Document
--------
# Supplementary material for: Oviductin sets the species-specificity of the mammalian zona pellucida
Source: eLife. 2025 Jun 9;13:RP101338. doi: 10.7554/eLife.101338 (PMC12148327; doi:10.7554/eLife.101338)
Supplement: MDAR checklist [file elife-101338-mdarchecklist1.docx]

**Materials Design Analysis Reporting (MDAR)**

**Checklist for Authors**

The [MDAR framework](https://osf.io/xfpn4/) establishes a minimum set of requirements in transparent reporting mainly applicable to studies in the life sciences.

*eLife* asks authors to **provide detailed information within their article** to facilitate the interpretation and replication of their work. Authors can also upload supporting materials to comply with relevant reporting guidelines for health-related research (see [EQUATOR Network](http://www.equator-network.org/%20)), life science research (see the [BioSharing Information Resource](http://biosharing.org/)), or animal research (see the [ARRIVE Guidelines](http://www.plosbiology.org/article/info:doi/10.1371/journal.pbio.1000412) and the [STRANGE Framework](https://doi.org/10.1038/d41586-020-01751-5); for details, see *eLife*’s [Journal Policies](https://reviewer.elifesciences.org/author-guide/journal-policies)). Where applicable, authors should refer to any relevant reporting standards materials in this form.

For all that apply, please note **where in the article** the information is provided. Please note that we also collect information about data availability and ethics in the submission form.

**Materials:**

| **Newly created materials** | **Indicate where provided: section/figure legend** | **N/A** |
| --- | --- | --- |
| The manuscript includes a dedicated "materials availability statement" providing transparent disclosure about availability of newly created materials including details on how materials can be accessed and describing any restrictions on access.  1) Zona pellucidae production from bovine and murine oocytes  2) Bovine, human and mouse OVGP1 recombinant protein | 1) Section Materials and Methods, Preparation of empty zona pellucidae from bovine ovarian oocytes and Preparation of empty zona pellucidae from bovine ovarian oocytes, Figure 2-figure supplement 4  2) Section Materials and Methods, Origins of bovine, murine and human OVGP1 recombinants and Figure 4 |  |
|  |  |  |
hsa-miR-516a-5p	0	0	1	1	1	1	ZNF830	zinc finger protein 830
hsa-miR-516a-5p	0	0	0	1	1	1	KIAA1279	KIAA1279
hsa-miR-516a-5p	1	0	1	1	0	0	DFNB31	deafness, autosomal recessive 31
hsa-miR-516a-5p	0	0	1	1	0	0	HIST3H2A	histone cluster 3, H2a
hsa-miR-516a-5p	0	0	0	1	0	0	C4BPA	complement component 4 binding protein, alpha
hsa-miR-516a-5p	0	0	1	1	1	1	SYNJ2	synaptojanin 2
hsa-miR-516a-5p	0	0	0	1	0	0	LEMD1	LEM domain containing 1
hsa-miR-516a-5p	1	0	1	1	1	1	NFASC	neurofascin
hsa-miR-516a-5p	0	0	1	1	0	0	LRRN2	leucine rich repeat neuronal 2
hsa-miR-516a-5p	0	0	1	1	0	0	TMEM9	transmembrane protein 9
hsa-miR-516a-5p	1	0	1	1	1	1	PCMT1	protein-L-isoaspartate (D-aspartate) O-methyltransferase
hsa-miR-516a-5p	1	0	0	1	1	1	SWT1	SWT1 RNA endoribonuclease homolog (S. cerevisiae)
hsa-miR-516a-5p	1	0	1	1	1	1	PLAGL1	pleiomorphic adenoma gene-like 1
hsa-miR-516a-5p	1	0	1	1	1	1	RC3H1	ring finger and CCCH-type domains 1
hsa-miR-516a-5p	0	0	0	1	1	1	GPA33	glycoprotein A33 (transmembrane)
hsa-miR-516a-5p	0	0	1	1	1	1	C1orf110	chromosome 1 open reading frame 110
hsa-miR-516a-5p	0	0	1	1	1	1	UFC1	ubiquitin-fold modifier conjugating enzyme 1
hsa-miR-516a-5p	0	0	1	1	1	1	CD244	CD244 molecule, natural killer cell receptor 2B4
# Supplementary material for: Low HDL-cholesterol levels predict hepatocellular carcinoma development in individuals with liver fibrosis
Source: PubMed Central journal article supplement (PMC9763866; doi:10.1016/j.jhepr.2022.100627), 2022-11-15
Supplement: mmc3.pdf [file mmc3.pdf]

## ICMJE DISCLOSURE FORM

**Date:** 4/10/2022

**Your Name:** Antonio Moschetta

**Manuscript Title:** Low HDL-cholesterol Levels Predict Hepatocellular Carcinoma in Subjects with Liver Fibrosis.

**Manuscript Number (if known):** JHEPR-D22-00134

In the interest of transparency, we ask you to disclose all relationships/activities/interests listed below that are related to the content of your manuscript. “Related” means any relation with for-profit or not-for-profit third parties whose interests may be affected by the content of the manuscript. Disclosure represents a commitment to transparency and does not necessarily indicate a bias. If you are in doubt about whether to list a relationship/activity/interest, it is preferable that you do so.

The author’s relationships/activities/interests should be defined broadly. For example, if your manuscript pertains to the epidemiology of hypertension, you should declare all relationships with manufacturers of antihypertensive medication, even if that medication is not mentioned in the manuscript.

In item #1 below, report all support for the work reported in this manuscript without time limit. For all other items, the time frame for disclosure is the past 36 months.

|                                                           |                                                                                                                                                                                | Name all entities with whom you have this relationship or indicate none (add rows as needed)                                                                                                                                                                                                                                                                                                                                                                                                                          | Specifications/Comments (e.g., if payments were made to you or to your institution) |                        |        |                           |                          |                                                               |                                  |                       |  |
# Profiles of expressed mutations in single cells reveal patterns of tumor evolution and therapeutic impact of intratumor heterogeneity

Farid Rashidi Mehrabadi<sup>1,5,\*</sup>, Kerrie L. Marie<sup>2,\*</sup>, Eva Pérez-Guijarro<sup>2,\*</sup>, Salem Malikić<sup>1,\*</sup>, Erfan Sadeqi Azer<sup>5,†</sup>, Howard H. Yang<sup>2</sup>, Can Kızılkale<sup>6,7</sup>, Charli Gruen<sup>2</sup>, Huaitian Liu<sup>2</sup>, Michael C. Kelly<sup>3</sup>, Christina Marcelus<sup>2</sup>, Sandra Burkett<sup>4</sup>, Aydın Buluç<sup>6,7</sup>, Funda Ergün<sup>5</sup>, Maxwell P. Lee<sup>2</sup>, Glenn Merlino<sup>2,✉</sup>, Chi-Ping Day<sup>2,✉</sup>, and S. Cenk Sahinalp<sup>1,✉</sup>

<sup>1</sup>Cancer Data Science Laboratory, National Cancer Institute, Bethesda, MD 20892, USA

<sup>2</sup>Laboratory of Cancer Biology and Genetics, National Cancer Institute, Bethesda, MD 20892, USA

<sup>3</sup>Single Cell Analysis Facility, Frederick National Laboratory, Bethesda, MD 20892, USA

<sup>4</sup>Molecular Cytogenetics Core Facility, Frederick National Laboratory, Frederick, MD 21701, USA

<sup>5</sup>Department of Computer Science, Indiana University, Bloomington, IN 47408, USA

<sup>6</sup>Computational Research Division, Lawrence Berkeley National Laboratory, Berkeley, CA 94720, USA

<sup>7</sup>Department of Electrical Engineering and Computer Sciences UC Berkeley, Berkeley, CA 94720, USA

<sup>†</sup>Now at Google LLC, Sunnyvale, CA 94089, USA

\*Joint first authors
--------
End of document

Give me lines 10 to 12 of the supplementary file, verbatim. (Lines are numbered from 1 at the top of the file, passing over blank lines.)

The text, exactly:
| **Newly created materials** | **Indicate where provided: section/figure legend** | **N/A** |
| --- | --- | --- |
| The manuscript includes a dedicated "materials availability statement" providing transparent disclosure about availability of newly created materials including details on how materials can be accessed and describing any restrictions on access.  1) Zona pellucidae production from bovine and murine oocytes  2) Bovine, human and mouse OVGP1 recombinant protein | 1) Section Materials and Methods, Preparation of empty zona pellucidae from bovine ovarian oocytes and Preparation of empty zona pellucidae from bovine ovarian oocytes, Figure 2-figure supplement 4  2) Section Materials and Methods, Origins of bovine, murine and human OVGP1 recombinants and Figure 4 |  |